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40 Minutes


We have produced a Style Guide to help editors follow a standard format when editing a listing. If you are unsure how best to edit this programme please take a moment to read it.
Last in the series Bombay Hotel
Overlooking the great harbour of Bombay is one of the largest and most exotic hotels in the world, the Taj Mahal. Day and night hundreds of travellers pass through its doors. So do film stars, politicians, and all the rich, powerful members of Bombay high society. Below stairs, 2,000 people hurry to serve them.
Shoba De, India's acid gossip columnist, introduces the super-rich at a lavish party by the hotel pool. Chef Satish Arora examines the food for today's 22 banquets. 350,000 flowers are woven together and dyed for a wedding.
Underground, Frankie Pais sits in his Aladdin's cave, mending chandeliers. And the head waiter prepares for a Caledonian ball, explaining that guests will stab a haggis to the sound of bagpipes. Outside the hotel's high walls, Bombay life goes on.... Narrator Tim Pigott-Smith Photography CHRIS SEAGER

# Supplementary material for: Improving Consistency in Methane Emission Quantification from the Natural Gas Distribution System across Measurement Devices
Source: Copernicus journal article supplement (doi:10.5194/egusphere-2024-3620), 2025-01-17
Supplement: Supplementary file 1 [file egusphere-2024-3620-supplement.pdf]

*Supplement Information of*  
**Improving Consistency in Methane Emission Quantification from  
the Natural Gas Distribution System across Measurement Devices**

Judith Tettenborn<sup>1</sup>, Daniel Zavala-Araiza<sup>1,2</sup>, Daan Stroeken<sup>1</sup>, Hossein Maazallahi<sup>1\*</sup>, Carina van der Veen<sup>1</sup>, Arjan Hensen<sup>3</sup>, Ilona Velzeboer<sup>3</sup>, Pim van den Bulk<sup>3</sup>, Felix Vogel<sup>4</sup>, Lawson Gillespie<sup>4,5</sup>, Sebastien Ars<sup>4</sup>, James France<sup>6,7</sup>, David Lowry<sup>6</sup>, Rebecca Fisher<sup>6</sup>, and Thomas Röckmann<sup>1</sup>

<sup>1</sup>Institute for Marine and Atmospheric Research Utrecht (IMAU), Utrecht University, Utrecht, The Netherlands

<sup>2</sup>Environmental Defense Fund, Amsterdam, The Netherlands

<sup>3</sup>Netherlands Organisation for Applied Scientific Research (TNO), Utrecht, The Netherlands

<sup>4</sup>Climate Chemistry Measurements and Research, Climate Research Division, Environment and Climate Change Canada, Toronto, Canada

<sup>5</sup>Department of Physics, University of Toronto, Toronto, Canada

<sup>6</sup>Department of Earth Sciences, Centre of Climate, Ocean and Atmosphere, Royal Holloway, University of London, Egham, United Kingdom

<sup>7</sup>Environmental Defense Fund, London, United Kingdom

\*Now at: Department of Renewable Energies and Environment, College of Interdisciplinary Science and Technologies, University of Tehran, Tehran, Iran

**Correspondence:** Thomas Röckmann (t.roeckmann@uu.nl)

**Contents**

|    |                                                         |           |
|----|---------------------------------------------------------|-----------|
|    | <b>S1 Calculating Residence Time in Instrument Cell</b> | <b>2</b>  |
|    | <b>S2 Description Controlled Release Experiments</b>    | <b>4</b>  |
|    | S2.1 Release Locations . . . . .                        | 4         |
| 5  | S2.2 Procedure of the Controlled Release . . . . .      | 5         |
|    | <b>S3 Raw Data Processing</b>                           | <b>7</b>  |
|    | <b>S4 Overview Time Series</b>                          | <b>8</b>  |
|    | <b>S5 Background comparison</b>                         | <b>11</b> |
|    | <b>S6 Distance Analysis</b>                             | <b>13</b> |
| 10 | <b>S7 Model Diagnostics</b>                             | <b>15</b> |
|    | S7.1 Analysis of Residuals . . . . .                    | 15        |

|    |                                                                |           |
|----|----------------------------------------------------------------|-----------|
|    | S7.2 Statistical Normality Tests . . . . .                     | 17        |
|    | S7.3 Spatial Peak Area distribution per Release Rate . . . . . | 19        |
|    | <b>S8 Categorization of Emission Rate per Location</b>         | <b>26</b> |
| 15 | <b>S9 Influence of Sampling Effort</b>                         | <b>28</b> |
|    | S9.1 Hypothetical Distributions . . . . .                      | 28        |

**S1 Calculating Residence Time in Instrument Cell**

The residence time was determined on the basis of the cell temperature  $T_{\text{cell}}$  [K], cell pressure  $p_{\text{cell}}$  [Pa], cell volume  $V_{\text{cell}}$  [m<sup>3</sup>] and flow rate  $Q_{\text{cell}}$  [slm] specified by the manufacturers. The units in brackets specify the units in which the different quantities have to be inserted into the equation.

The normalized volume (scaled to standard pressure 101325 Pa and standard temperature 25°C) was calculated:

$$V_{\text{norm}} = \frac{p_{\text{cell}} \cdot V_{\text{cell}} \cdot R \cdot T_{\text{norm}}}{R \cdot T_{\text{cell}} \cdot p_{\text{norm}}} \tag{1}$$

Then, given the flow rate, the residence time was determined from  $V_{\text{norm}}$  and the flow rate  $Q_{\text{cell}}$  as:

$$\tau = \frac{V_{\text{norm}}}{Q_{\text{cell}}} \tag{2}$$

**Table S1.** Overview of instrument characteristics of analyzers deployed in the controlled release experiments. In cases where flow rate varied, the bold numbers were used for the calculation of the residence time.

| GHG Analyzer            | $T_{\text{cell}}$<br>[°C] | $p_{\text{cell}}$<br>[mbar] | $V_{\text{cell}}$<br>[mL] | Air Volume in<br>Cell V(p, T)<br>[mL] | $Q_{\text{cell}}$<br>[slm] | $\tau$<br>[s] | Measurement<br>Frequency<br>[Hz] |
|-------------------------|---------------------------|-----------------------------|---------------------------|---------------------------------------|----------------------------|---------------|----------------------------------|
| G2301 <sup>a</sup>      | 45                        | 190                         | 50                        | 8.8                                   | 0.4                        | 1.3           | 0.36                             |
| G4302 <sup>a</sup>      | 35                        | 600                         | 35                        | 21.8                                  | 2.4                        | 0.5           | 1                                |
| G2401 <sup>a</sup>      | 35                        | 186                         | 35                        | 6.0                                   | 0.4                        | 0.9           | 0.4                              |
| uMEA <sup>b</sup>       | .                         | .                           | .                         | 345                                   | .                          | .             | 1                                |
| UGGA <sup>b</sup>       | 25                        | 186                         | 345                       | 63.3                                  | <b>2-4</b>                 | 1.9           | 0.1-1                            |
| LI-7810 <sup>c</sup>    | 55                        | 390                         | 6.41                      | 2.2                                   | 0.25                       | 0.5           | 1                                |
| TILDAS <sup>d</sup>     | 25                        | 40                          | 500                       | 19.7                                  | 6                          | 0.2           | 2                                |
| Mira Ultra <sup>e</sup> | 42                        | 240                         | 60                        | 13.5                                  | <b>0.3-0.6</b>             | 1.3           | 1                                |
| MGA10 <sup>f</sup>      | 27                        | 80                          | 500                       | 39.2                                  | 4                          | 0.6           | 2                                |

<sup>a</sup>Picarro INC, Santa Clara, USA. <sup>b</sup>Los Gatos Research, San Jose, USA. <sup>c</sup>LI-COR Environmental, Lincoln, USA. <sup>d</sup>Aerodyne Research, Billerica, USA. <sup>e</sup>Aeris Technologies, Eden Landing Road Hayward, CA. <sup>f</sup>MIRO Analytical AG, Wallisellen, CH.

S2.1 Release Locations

Assistant producer BETTY MCBRIDE Film editor GRANT MUTER Producer ADAM CURTIS
0 FEATURE: page 12


Unknown: Frankie Pais
Narrator: Tim Pigott-Smith
Unknown: Chris Seager
Producer: Betty McBride
Producer: Adam Curtis
Editor: Edward Mirzoeff

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This site contains the BBC listings information which the BBC printed in Radio Times between 1923 and 2009. You can search the site for BBC programmes, people, dates and Radio Times editions.

We hope it helps you find information about that long forgotten BBC programme, research a particular person or browse your own involvement with the BBC.

Through the listings, you will also be able to use the Genome search function to find thousands of radio and TV programmes that are already available to view or listen to on the BBC website.

There are more than 5 million programme listings in Genome. This is a historical record of the planned output and the BBC services of any given time. It should be viewed in this context and with the understanding that it reflects the attitudes and standards of its time - not those of today.

Feedback about 40 Minutes, BBC Two England, 21.25, 30 April 1987
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